It’s election season, unofficially, in Park City
Election season in Park City has started, at least unofficially.
It does not start officially, however, for more than a month.
Even as interest in this year’s City Hall campaign appears to be broadening, anyone who plans to mount a political campaign must wait to formalize their bid for office.
The window when someone must file the campaign paperwork at City Hall does not open until June 3. It closes on June 7. At 5 p.m. that day the ballots for the mayor’s office and two Park City Council seats will be set. If more than two people seek the mayor’s office, a primary election would be held on Aug. 13 to reduce the field to two people for Election Day, set for Nov. 5. Should there be more than four candidates for the two City Council seats, there would be a primary election to whittle the field to four.
One person — City Councilman Andy Beerman — has announced that he will campaign for the mayor’s office. The incumbent, Dana Williams, is not seeking a fourth term in office. The two incumbent City Councilors whose seats are on the ballot — Alex Butwinski and Cindy Matsumoto — have said they will seek re-election. Nobody else has emerged as a candidate for the City Council. There have been indications that more candidates could announce their intentions in coming days.
Someone who wants to seek elected office in Park City must meet a set of requirements. They include:
It is not known what sort of field of candidates will eventually be on the ballot. The decision by Williams, a popular mayor, not to seek re-election could spur wider interest in that position since the incumbent will not be on the ballot. The City Council spots will almost certainly be challenged even with two incumbents wanting another term.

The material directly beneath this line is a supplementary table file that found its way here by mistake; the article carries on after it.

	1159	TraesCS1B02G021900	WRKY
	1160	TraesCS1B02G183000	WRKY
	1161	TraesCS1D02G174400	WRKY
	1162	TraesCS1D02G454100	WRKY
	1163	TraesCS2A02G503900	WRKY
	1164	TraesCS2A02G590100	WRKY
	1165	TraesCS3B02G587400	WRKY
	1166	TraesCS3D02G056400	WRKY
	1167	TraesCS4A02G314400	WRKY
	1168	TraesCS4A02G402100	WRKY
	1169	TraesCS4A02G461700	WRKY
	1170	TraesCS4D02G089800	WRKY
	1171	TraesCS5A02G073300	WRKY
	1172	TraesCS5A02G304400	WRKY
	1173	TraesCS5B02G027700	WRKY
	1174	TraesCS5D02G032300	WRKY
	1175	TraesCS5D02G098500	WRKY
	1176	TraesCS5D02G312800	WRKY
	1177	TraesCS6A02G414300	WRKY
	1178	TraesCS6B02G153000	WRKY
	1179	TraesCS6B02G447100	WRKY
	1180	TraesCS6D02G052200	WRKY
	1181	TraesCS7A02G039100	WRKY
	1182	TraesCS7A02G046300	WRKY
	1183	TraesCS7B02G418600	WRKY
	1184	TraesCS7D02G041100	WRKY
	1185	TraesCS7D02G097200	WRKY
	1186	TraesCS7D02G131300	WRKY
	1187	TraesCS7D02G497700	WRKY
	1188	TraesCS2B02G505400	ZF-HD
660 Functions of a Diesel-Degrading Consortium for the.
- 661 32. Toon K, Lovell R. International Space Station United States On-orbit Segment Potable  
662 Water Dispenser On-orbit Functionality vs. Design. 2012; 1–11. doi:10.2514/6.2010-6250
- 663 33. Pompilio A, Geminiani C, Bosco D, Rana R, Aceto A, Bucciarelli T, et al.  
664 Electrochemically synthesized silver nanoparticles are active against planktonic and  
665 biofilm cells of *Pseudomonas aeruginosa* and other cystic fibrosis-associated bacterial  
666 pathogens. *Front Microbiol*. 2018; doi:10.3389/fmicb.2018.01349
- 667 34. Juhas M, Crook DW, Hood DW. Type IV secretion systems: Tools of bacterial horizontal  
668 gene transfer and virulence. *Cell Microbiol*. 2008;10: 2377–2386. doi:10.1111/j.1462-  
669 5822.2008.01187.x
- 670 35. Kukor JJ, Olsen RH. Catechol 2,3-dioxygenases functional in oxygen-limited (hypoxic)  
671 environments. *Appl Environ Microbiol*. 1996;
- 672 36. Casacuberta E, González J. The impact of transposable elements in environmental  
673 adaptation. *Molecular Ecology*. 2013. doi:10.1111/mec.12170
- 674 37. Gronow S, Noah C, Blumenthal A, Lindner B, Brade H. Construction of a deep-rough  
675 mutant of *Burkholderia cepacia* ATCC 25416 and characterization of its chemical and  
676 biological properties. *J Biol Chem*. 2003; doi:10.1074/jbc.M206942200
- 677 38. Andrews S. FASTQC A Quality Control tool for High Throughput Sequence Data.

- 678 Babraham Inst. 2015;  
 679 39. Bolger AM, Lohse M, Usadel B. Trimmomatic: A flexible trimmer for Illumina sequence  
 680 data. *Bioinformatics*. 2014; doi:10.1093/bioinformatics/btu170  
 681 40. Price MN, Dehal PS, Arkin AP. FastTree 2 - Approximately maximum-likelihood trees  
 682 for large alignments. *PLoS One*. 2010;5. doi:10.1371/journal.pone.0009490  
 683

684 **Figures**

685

Sharon Bauman, City Hall’s election officer, said on Friday she had fielded one inquiry about the election in recent weeks. The person who called her lived in Summit County but not within the city limits, making the person ineligible to seek office in Park City, Bauman said. The person appeared to be interested in campaigning for the mayor’s office, she said. Bauman said she anticipates interest will increase starting in the middle of May.
The campaigns in Park City will be the most closely watched in Summit County this year, but other municipalities will also hold elections. The East Side cities of Oakley, Henefer, Francis, Kamas and Coalville also have the mayor’s office and City Council seats that will be decided. The window when candidates must file in those cities is the same as Park City, June 3 until June 7.
There will be other elected positions on the ballot in various places throughout Summit County as well. They tend to not generate the same amount of voter interest as mayoral positions and City Councils. They include spots on the board of Silver Creek Service Area #3, the South Summit Fire District leadership board and the board of the Snyderville Basin Water Reclamation District. The window for candidate filing is also June 3 through June 7 in those campaigns.
If a government entity wants to put a measure on the ballot, such as a bond, it must do so by 75 days prior to Election Day.
More information about the City Hall election is available at http://www.parkcity.org/index.aspx?page=777 or by calling Bauman at 615-5184. The Summit County Clerk’s Office, which acts as a clearinghouse for election information, is reachable at 615-5203.
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Buses, trains and gondolas doesn’t have quite the same ring to it, but they make up the transit alternatives for the mountain transportation system the Central Wasatch Commission is trying to create, mostly in the Cottonwood canyons.